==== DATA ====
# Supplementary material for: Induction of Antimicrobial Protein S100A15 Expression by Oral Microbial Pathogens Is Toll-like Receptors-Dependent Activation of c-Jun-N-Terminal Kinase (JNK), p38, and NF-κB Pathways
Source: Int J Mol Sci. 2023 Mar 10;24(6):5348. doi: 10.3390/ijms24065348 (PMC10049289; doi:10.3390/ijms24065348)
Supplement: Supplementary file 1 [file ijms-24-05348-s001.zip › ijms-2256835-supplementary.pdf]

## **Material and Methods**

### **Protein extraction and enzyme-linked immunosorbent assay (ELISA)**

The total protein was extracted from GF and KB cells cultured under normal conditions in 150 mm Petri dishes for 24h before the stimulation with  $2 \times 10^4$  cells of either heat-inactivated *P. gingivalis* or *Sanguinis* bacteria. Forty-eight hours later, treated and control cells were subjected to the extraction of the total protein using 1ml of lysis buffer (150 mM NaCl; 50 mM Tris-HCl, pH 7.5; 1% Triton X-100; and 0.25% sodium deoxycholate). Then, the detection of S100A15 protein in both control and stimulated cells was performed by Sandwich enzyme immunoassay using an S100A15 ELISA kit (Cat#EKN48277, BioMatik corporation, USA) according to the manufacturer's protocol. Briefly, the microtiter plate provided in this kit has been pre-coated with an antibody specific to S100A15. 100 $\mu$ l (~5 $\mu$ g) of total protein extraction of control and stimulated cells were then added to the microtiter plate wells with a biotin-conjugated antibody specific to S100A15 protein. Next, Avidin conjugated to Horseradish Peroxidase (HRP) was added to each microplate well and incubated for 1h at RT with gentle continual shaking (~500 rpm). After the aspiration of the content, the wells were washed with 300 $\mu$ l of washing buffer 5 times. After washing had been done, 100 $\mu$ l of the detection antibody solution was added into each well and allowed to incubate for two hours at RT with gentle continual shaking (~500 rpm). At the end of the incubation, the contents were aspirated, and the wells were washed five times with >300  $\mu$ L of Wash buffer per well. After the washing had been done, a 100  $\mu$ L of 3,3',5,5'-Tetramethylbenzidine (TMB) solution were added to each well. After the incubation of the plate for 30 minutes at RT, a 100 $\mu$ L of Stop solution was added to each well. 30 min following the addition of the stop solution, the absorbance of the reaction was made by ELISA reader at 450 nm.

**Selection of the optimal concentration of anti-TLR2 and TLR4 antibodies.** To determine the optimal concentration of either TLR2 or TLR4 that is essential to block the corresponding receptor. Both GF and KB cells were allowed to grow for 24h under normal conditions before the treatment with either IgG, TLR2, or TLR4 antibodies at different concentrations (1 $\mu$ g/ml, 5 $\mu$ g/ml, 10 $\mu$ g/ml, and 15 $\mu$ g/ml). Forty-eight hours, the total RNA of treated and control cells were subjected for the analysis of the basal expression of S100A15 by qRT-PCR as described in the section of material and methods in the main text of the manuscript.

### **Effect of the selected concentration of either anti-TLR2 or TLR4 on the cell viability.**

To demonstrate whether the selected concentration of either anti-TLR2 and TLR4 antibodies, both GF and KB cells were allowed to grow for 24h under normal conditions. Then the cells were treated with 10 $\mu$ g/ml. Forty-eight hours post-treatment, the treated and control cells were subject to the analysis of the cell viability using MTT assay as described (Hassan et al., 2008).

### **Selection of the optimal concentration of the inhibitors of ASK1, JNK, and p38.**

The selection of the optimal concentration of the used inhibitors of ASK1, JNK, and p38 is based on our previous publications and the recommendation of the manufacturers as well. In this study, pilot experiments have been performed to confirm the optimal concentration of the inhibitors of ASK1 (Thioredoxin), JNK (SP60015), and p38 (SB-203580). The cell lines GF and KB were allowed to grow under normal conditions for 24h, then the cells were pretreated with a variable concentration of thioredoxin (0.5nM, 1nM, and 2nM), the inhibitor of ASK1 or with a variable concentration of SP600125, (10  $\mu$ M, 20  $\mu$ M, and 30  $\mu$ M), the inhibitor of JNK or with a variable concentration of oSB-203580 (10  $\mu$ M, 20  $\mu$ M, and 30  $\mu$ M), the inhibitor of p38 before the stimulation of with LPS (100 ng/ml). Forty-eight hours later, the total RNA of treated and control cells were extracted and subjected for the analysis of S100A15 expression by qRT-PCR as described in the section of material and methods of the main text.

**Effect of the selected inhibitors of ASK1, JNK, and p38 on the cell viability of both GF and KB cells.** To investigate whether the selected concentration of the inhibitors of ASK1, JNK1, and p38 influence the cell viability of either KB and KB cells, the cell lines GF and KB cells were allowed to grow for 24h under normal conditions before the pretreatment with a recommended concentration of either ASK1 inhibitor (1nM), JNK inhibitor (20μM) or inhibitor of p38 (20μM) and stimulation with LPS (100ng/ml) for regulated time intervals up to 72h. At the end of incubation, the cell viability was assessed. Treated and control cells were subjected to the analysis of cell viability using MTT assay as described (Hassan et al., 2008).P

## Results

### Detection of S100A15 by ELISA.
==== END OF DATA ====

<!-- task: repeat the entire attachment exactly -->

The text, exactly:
# Supplementary material for: Induction of Antimicrobial Protein S100A15 Expression by Oral Microbial Pathogens Is Toll-like Receptors-Dependent Activation of c-Jun-N-Terminal Kinase (JNK), p38, and NF-κB Pathways
Source: Int J Mol Sci. 2023 Mar 10;24(6):5348. doi: 10.3390/ijms24065348 (PMC10049289; doi:10.3390/ijms24065348)
Supplement: Supplementary file 1 [file ijms-24-05348-s001.zip › ijms-2256835-supplementary.pdf]

## **Material and Methods**

### **Protein extraction and enzyme-linked immunosorbent assay (ELISA)**

The total protein was extracted from GF and KB cells cultured under normal conditions in 150 mm Petri dishes for 24h before the stimulation with  $2 \times 10^4$  cells of either heat-inactivated *P. gingivalis* or *Sanguinis* bacteria. Forty-eight hours later, treated and control cells were subjected to the extraction of the total protein using 1ml of lysis buffer (150 mM NaCl; 50 mM Tris-HCl, pH 7.5; 1% Triton X-100; and 0.25% sodium deoxycholate). Then, the detection of S100A15 protein in both control and stimulated cells was performed by Sandwich enzyme immunoassay using an S100A15 ELISA kit (Cat#EKN48277, BioMatik corporation, USA) according to the manufacturer's protocol. Briefly, the microtiter plate provided in this kit has been pre-coated with an antibody specific to S100A15. 100 $\mu$ l (~5 $\mu$ g) of total protein extraction of control and stimulated cells were then added to the microtiter plate wells with a biotin-conjugated antibody specific to S100A15 protein. Next, Avidin conjugated to Horseradish Peroxidase (HRP) was added to each microplate well and incubated for 1h at RT with gentle continual shaking (~500 rpm). After the aspiration of the content, the wells were washed with 300 $\mu$ l of washing buffer 5 times. After washing had been done, 100 $\mu$ l of the detection antibody solution was added into each well and allowed to incubate for two hours at RT with gentle continual shaking (~500 rpm). At the end of the incubation, the contents were aspirated, and the wells were washed five times with >300  $\mu$ L of Wash buffer per well. After the washing had been done, a 100  $\mu$ L of 3,3',5,5'-Tetramethylbenzidine (TMB) solution were added to each well. After the incubation of the plate for 30 minutes at RT, a 100 $\mu$ L of Stop solution was added to each well. 30 min following the addition of the stop solution, the absorbance of the reaction was made by ELISA reader at 450 nm.

**Selection of the optimal concentration of anti-TLR2 and TLR4 antibodies.** To determine the optimal concentration of either TLR2 or TLR4 that is essential to block the corresponding receptor. Both GF and KB cells were allowed to grow for 24h under normal conditions before the treatment with either IgG, TLR2, or TLR4 antibodies at different concentrations (1 $\mu$ g/ml, 5 $\mu$ g/ml, 10 $\mu$ g/ml, and 15 $\mu$ g/ml). Forty-eight hours, the total RNA of treated and control cells were subjected for the analysis of the basal expression of S100A15 by qRT-PCR as described in the section of material and methods in the main text of the manuscript.

### **Effect of the selected concentration of either anti-TLR2 or TLR4 on the cell viability.**

To demonstrate whether the selected concentration of either anti-TLR2 and TLR4 antibodies, both GF and KB cells were allowed to grow for 24h under normal conditions. Then the cells were treated with 10 $\mu$ g/ml. Forty-eight hours post-treatment, the treated and control cells were subject to the analysis of the cell viability using MTT assay as described (Hassan et al., 2008).

### **Selection of the optimal concentration of the inhibitors of ASK1, JNK, and p38.**

The selection of the optimal concentration of the used inhibitors of ASK1, JNK, and p38 is based on our previous publications and the recommendation of the manufacturers as well. In this study, pilot experiments have been performed to confirm the optimal concentration of the inhibitors of ASK1 (Thioredoxin), JNK (SP60015), and p38 (SB-203580). The cell lines GF and KB were allowed to grow under normal conditions for 24h, then the cells were pretreated with a variable concentration of thioredoxin (0.5nM, 1nM, and 2nM), the inhibitor of ASK1 or with a variable concentration of SP600125, (10  $\mu$ M, 20  $\mu$ M, and 30  $\mu$ M), the inhibitor of JNK or with a variable concentration of oSB-203580 (10  $\mu$ M, 20  $\mu$ M, and 30  $\mu$ M), the inhibitor of p38 before the stimulation of with LPS (100 ng/ml). Forty-eight hours later, the total RNA of treated and control cells were extracted and subjected for the analysis of S100A15 expression by qRT-PCR as described in the section of material and methods of the main text.

**Effect of the selected inhibitors of ASK1, JNK, and p38 on the cell viability of both GF and KB cells.** To investigate whether the selected concentration of the inhibitors of ASK1, JNK1, and p38 influence the cell viability of either KB and KB cells, the cell lines GF and KB cells were allowed to grow for 24h under normal conditions before the pretreatment with a recommended concentration of either ASK1 inhibitor (1nM), JNK inhibitor (20μM) or inhibitor of p38 (20μM) and stimulation with LPS (100ng/ml) for regulated time intervals up to 72h. At the end of incubation, the cell viability was assessed. Treated and control cells were subjected to the analysis of cell viability using MTT assay as described (Hassan et al., 2008).P

## Results

### Detection of S100A15 by ELISA.